Brown fancies herself a libertarian, but comparing her regulatory decisions with her record on abortion shows she’s anything but. In American Academy of Pediatrics v. Daniel E. Lundgren, Brown, in a dissent, dismissed the idea of a minor’s right to privacy by holding that a parental notification law should not be thrown out even though it violated California state law because California state law cannot provide more privacy than the United States Constitution. The opinion not only displayed her hostility toward abortion rights, it also showed a troubling lack of compassion and understanding towards the plight of a young woman trying to navigate the legal system in order to get an abortion. More recently, in Catholic Charities of Sacramento v. Superior Court of Sacramento County, Brown was the sole dissent in a decision which found that Catholic Charities was violating a state contraceptive prescriptive equity statute. She stated that if employees felt that they were discriminated against they were free to move to “more congenial employment.”

Brown’s name frequently comes up in conservative circles as a potential Supreme Court nominee, so it’s important we take notice of these opinions and her inconsistencies now. Brown’s outrageous opposition to women’s rights is not isolated simply to reproductive health cases. She’s staunchly anti-affirmative action and, an opponent of battered women’s rights. And in a truly disturbing opinion from her time on the California Supreme Court asked, in the context of a criminal rape case involving a 17-year-old alleging date rape, if the woman had resisted enough. “Is persistence the same thing as force?” Brown wondered.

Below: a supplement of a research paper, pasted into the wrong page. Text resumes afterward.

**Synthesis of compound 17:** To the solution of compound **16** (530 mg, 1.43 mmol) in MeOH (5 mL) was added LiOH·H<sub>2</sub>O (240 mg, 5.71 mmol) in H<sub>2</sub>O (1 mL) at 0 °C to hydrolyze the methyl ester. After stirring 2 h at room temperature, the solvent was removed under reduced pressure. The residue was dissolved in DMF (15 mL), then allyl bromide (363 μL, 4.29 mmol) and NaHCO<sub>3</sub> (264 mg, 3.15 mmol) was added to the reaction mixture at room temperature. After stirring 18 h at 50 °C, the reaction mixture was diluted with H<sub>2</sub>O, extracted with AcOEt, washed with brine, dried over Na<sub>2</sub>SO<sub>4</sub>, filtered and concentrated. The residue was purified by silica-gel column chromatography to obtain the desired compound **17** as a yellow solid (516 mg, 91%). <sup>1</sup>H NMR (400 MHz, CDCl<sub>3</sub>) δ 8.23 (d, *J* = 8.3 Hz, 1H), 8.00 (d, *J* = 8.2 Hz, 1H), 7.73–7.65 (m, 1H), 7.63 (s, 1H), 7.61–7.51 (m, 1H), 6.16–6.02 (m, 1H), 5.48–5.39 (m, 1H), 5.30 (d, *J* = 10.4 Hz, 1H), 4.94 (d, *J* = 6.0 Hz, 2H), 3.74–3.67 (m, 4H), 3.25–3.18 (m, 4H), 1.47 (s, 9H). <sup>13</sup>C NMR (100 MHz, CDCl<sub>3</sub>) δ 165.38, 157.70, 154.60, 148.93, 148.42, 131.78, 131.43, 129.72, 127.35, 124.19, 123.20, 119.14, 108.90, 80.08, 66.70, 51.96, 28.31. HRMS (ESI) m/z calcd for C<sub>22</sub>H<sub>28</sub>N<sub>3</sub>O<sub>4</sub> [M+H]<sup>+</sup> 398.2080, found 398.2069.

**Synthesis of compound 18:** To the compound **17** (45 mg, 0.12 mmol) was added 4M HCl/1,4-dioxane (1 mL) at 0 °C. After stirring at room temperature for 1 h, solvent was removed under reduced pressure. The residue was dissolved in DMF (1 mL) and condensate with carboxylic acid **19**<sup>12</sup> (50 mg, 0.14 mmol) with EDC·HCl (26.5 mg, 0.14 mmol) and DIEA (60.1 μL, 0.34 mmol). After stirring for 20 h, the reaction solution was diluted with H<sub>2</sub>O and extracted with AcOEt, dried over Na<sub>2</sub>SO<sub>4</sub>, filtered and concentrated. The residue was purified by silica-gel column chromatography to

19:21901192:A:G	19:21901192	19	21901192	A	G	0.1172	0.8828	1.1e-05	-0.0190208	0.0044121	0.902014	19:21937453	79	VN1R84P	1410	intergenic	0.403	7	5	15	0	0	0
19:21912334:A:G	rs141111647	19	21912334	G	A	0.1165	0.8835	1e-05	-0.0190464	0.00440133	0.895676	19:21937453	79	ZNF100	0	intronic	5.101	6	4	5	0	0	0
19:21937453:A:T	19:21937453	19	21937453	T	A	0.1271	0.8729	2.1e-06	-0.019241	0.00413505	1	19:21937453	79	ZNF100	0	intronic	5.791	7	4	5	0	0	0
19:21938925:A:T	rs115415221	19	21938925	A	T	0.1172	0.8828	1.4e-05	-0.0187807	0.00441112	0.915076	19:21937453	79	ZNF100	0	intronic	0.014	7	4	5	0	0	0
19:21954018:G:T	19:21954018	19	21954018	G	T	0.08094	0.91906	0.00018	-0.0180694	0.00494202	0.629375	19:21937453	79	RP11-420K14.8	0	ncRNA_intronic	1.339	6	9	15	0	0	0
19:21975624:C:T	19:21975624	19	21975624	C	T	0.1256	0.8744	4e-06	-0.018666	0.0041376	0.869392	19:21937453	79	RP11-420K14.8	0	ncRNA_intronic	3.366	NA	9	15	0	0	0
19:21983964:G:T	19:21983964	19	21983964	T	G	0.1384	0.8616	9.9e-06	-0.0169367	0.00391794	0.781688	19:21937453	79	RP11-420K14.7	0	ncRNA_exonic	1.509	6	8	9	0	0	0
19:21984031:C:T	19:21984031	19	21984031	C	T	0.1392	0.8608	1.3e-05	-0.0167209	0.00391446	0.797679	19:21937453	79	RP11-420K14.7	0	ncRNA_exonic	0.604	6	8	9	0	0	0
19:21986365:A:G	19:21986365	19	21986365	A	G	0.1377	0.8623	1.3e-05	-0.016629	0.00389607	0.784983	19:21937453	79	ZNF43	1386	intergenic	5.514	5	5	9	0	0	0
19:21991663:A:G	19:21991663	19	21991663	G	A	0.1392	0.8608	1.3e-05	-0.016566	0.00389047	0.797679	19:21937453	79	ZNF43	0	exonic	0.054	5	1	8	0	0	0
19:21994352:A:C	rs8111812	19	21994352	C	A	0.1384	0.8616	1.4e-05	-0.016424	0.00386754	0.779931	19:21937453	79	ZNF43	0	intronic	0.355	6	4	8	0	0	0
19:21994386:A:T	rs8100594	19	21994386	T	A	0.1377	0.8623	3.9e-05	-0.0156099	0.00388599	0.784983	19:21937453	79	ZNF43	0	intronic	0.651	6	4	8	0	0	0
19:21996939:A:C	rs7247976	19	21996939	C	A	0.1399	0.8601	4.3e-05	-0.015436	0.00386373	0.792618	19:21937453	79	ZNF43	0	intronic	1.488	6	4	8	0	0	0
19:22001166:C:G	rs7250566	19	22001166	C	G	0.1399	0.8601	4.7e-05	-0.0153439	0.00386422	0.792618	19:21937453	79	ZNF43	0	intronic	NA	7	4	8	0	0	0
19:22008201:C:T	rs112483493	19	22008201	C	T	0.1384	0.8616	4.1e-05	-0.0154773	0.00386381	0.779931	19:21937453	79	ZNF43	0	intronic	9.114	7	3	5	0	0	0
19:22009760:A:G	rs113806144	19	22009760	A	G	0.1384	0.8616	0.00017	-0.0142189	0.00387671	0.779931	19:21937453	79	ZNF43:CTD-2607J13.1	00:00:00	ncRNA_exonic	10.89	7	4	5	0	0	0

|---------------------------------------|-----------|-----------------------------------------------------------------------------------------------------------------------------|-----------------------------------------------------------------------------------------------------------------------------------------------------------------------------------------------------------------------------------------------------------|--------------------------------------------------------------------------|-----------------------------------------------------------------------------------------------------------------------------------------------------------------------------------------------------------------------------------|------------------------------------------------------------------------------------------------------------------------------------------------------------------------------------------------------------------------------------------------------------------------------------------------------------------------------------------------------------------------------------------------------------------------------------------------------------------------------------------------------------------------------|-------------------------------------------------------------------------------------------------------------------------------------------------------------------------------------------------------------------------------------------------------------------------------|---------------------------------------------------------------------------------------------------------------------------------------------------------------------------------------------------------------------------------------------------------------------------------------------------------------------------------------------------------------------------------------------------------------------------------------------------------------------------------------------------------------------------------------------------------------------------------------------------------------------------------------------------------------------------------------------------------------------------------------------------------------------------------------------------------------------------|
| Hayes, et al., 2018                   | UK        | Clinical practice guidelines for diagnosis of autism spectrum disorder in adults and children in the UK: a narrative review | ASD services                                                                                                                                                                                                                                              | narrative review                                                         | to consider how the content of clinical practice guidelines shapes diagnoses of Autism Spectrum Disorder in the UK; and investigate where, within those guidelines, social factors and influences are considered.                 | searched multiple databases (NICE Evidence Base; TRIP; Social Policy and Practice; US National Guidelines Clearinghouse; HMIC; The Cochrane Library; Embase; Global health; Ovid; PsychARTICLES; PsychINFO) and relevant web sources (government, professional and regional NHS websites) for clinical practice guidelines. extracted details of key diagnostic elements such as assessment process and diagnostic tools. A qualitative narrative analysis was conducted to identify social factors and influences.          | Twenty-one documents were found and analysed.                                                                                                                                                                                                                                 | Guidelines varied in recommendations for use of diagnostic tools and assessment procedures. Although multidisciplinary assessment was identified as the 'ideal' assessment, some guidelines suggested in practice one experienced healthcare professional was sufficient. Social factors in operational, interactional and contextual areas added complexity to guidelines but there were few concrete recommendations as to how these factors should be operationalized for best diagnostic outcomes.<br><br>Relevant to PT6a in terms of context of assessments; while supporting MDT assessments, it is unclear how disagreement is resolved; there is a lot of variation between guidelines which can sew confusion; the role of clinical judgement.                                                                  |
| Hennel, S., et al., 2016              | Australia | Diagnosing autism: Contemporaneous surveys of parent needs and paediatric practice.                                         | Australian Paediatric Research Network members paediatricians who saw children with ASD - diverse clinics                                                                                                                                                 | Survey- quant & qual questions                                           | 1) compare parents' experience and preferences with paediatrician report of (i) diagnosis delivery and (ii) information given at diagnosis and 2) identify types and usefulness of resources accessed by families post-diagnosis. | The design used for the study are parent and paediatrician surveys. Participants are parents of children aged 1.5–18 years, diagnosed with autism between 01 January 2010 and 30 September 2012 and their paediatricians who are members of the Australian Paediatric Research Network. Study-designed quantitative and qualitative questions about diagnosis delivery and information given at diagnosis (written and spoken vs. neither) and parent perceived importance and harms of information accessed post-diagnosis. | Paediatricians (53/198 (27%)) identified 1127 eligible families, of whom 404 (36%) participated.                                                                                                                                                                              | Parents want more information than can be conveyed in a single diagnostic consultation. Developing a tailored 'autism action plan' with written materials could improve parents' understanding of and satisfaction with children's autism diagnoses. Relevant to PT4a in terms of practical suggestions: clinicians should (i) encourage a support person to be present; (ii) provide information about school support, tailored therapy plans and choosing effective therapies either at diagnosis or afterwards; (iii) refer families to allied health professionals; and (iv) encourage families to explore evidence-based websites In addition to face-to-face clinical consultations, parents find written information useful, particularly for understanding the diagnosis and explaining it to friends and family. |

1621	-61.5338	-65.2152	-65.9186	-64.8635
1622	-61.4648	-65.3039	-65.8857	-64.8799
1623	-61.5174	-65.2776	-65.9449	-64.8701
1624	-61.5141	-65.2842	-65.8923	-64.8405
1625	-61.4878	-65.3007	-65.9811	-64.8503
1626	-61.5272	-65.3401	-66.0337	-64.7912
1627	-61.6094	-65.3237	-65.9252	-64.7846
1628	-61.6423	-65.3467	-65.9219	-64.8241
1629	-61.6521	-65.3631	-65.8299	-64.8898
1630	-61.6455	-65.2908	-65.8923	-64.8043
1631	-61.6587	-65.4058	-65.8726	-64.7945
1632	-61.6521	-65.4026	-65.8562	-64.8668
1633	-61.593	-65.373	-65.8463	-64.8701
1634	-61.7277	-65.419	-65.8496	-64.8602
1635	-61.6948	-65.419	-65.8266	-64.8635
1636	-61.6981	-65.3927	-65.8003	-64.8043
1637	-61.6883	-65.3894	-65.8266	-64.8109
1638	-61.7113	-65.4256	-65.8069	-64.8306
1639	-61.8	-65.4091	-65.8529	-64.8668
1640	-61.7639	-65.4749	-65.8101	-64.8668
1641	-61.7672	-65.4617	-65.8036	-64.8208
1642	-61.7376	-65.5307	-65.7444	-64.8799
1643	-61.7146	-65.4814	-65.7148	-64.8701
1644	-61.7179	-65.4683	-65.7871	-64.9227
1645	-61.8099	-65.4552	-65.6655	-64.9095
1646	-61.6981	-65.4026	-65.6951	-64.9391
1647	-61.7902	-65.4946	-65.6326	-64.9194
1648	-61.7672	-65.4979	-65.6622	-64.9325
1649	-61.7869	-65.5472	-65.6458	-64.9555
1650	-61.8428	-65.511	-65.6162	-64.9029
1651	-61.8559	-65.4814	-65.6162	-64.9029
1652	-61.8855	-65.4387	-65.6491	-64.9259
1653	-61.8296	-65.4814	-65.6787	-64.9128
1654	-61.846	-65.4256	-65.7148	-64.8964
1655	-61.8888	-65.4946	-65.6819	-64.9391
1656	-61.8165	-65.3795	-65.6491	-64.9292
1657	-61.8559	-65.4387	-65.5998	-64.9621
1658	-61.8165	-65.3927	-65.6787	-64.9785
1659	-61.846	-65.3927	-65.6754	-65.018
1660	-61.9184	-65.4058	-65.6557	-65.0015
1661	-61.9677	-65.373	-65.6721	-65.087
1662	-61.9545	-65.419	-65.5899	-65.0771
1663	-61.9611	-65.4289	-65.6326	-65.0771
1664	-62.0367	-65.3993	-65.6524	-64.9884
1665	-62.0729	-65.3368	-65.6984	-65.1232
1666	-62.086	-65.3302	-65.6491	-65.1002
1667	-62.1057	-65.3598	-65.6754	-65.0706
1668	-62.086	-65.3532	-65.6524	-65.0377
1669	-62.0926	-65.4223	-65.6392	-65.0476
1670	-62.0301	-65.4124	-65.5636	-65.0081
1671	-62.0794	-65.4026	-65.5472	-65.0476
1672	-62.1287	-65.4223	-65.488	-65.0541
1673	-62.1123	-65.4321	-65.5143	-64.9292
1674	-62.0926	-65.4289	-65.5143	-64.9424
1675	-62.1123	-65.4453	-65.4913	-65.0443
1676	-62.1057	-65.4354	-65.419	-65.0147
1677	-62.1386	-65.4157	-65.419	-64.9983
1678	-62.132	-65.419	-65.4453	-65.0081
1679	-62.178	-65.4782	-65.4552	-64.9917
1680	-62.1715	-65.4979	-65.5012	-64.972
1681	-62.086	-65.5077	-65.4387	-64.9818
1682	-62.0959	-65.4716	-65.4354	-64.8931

Given these views and Brown’s willingness to find fault in government regulation only in the instances when they conflict with her world view we can be all but certain how Brown would rule on a challenge to Roe v. Wade. With the possibility of as many as four open Supreme Court seats in the coming presidential term, the fact is Brown is one election away from an appointment to the high court and if that happens, women’s economic progress will be cast back decades.

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informed consent, Supreme Court